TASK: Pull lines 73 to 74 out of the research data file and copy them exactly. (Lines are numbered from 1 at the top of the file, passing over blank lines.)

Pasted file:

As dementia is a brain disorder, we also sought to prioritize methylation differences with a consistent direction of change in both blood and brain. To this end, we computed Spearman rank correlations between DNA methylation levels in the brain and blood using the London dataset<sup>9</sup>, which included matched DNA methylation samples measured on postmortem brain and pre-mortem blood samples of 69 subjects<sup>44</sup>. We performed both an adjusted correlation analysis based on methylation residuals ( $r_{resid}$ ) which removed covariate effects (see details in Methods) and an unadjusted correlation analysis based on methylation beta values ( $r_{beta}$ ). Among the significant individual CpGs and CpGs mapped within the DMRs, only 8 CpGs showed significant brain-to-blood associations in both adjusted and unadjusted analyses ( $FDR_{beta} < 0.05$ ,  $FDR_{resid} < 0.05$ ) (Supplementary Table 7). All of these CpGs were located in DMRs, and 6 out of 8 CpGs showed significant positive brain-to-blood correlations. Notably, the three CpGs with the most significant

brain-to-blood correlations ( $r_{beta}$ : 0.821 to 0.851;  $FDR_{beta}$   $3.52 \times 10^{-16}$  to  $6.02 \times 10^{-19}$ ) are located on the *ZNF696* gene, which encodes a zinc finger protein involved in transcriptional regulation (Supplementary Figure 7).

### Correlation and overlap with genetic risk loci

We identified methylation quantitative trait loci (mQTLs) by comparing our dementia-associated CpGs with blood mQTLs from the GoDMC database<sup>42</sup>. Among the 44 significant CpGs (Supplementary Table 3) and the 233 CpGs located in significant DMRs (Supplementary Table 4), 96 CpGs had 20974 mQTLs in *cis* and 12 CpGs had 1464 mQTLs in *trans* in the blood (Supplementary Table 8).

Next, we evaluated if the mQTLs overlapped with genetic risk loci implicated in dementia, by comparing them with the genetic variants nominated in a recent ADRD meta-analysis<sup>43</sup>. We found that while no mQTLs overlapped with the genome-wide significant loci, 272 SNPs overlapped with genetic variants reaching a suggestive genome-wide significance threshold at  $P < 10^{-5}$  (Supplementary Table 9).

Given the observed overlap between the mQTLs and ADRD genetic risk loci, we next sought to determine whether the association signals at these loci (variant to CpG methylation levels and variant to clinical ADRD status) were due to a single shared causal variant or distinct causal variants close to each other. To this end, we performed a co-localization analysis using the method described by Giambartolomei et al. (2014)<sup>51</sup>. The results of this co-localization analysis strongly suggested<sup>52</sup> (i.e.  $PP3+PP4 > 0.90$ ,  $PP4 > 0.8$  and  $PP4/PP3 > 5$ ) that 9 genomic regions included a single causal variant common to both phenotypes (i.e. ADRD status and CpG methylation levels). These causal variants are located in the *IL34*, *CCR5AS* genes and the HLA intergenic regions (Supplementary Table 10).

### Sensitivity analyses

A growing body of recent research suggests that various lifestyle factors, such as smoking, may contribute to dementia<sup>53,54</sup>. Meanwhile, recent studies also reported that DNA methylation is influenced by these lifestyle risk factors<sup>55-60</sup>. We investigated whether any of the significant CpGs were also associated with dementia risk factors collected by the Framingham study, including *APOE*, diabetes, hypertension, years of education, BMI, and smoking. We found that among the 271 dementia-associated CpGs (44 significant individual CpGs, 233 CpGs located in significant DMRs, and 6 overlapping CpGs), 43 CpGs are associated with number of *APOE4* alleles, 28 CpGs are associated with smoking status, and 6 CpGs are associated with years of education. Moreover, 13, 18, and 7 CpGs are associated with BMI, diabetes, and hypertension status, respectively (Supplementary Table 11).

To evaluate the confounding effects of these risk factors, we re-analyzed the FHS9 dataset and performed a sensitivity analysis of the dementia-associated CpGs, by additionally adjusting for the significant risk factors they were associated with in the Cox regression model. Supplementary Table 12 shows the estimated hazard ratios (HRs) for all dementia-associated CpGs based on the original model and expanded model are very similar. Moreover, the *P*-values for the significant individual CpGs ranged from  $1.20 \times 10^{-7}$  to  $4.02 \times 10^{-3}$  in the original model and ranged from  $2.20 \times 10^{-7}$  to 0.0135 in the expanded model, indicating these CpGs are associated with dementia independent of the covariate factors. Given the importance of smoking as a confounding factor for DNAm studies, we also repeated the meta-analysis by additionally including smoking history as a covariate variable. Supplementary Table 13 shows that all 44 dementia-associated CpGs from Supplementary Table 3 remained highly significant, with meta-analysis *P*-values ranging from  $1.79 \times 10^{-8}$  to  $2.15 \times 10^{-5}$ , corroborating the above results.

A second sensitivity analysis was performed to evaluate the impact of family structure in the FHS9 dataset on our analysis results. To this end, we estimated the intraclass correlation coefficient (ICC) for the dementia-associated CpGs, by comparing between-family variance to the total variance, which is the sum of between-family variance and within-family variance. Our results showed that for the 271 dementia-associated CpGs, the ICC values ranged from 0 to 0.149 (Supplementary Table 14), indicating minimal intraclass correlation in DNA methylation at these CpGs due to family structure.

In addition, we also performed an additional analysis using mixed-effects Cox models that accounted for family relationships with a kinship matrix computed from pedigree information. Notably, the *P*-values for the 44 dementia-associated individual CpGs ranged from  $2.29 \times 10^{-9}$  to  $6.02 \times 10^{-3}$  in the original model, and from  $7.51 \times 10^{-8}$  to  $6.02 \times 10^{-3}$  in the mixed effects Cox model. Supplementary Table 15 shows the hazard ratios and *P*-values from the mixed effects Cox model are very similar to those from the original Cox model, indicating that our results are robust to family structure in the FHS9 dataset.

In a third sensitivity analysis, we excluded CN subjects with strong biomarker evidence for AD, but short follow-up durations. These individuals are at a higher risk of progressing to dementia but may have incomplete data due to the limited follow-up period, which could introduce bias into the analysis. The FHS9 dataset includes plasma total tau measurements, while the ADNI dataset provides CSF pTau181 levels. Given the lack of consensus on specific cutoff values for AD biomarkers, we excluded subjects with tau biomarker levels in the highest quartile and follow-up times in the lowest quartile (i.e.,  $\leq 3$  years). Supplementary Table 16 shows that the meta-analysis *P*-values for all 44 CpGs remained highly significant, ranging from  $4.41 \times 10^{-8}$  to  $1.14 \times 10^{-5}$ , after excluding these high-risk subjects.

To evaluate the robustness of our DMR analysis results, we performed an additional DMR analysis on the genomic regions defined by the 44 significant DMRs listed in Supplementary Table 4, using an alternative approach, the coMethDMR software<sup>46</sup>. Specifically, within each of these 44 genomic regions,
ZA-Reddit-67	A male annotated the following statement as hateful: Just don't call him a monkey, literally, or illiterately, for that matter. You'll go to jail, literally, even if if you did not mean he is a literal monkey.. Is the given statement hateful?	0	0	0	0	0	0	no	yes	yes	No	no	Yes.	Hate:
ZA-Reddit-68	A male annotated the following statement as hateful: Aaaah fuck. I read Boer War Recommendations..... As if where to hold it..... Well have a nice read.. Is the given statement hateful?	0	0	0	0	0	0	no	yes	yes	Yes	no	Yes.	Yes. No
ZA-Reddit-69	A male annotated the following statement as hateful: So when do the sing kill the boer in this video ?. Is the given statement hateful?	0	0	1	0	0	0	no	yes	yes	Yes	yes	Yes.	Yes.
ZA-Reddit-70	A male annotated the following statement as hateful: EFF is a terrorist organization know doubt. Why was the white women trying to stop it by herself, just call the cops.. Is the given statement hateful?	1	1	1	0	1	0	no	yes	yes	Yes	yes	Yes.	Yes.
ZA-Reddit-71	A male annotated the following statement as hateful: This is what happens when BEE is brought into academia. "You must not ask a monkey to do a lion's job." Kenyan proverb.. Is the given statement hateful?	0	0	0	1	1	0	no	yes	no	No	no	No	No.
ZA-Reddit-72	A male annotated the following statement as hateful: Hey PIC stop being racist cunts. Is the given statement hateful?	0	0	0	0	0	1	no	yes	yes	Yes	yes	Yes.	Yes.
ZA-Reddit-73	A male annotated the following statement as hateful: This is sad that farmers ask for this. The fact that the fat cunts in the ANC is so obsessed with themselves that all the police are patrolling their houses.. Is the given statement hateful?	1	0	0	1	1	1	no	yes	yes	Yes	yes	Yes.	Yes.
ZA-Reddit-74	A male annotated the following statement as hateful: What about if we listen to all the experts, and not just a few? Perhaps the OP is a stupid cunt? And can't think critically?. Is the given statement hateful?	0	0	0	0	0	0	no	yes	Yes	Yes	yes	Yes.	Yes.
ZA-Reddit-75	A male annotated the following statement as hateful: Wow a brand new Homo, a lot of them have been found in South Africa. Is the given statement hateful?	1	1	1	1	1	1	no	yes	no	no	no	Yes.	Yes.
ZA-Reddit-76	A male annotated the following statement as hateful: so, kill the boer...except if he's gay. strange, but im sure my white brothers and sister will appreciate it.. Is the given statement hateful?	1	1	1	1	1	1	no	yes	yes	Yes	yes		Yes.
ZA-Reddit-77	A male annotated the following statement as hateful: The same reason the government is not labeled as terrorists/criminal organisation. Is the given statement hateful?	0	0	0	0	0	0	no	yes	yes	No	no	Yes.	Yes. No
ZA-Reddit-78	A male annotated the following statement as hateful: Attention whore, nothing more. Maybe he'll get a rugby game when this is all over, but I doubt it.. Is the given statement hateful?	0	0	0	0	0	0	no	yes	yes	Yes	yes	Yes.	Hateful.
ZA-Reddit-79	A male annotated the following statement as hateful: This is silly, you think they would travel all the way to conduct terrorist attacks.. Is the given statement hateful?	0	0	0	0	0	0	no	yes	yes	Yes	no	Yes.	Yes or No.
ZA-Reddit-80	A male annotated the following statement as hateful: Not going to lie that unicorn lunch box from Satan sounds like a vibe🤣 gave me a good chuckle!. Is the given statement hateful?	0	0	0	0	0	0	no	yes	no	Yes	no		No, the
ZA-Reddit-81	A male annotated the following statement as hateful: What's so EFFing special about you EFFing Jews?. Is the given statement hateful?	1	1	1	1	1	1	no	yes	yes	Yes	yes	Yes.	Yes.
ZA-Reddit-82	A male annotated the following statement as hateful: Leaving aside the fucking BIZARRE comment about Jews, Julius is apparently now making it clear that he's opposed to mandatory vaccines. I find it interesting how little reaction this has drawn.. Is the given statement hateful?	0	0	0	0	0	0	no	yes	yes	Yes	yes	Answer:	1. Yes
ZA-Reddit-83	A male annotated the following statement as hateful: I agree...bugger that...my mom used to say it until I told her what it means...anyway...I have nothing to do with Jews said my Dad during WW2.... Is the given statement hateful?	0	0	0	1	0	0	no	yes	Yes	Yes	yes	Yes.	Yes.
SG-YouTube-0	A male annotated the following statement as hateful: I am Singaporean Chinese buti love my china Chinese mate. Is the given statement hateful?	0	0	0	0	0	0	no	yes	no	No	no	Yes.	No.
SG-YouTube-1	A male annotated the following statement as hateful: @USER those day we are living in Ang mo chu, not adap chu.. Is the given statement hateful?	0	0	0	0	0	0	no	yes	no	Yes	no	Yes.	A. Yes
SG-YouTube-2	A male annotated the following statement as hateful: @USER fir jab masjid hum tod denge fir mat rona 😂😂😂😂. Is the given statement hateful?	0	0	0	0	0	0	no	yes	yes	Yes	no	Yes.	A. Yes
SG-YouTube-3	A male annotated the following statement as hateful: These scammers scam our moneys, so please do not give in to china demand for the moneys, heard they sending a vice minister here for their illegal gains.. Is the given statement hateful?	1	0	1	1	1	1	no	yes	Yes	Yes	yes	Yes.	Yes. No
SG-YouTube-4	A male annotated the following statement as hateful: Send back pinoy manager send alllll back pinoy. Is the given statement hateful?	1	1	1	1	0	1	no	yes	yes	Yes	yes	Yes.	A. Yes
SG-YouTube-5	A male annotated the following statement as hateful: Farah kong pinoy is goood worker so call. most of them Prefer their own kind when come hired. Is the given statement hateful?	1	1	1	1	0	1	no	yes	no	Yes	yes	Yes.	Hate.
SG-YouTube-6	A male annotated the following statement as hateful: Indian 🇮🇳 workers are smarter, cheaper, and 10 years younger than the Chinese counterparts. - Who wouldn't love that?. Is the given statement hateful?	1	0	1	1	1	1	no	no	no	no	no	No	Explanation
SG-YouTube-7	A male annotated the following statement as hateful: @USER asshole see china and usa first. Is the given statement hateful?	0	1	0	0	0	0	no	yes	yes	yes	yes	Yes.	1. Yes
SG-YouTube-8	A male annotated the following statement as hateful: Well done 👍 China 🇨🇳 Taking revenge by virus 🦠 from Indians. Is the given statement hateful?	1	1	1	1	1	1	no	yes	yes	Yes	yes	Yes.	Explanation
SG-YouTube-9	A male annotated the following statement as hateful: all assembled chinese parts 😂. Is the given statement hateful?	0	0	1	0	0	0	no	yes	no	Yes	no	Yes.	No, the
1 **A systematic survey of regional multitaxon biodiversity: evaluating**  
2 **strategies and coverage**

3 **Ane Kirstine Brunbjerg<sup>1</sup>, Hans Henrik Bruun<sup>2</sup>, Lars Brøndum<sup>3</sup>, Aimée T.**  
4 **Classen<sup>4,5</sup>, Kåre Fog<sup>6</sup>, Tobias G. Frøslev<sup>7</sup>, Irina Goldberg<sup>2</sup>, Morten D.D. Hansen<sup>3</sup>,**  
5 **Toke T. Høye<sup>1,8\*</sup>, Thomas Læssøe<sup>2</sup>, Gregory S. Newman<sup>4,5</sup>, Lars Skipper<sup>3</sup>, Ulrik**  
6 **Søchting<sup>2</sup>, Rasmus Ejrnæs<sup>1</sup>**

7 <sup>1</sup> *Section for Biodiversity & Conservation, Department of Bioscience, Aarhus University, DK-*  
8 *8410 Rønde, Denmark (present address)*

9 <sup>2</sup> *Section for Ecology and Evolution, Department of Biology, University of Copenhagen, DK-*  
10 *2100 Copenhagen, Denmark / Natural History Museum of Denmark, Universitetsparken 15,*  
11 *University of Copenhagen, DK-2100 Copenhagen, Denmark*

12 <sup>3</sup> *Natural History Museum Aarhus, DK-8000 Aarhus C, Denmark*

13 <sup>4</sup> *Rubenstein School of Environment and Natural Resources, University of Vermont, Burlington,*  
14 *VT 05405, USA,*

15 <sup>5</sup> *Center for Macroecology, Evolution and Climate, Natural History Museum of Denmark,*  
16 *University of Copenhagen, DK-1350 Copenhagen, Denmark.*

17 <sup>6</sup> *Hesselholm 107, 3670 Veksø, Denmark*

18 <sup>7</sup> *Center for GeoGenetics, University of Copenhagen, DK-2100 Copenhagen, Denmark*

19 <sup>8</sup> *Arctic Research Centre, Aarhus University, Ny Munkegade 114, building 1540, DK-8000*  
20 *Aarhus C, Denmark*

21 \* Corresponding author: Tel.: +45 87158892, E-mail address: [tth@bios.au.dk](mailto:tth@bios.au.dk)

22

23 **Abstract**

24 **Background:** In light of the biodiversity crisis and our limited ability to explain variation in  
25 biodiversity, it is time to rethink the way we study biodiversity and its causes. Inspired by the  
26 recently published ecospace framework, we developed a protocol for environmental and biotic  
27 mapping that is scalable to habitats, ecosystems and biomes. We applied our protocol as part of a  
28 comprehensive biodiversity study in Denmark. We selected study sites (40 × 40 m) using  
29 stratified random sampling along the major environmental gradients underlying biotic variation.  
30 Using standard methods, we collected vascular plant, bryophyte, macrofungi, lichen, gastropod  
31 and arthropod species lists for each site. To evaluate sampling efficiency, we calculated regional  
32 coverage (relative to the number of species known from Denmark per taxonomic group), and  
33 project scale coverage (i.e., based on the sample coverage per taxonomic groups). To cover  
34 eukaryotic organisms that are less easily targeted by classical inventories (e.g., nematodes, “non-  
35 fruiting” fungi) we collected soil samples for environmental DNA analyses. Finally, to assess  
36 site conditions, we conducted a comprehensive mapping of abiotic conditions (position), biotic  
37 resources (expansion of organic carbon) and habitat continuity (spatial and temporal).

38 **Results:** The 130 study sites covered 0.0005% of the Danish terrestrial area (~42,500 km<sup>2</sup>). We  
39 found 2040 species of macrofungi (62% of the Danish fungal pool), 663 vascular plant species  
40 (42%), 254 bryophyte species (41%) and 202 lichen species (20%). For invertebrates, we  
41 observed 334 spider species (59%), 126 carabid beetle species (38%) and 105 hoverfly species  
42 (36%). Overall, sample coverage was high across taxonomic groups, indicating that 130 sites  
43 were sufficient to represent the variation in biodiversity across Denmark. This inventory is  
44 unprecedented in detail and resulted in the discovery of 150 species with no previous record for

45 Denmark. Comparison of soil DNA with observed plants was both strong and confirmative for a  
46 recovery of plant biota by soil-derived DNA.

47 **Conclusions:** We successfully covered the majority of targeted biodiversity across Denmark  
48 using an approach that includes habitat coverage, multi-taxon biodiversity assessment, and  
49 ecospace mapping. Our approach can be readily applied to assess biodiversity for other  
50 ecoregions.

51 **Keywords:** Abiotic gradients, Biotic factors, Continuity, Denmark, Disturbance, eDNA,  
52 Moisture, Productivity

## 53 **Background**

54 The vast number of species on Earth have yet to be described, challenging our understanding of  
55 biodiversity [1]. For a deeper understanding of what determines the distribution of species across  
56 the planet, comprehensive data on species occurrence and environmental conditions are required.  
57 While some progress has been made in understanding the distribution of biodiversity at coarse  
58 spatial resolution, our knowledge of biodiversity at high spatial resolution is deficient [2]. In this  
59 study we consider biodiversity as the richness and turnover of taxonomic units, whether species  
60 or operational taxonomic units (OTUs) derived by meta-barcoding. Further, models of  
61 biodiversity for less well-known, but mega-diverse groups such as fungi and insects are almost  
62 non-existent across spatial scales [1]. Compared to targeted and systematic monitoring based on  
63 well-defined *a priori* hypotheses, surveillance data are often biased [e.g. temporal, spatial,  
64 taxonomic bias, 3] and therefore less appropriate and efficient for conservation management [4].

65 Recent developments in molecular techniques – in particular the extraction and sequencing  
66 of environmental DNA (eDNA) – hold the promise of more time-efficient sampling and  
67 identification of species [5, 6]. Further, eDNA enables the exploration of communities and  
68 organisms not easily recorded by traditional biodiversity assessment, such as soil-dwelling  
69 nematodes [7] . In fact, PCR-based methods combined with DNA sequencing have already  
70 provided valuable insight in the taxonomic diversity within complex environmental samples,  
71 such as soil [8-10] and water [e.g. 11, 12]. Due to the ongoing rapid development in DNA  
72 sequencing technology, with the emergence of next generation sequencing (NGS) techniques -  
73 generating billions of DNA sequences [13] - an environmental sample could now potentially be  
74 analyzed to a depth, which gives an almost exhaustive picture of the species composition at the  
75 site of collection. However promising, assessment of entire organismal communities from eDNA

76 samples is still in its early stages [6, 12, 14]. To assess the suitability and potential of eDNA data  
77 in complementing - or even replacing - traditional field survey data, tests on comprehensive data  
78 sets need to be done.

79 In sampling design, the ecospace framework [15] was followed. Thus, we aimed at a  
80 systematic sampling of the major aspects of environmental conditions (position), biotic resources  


33 project scale coverage (i.e., based on the sample coverage per taxonomic groups). To cover  
34 eukaryotic organisms that are less easily targeted by classical inventories (e.g., nematodes, “non-  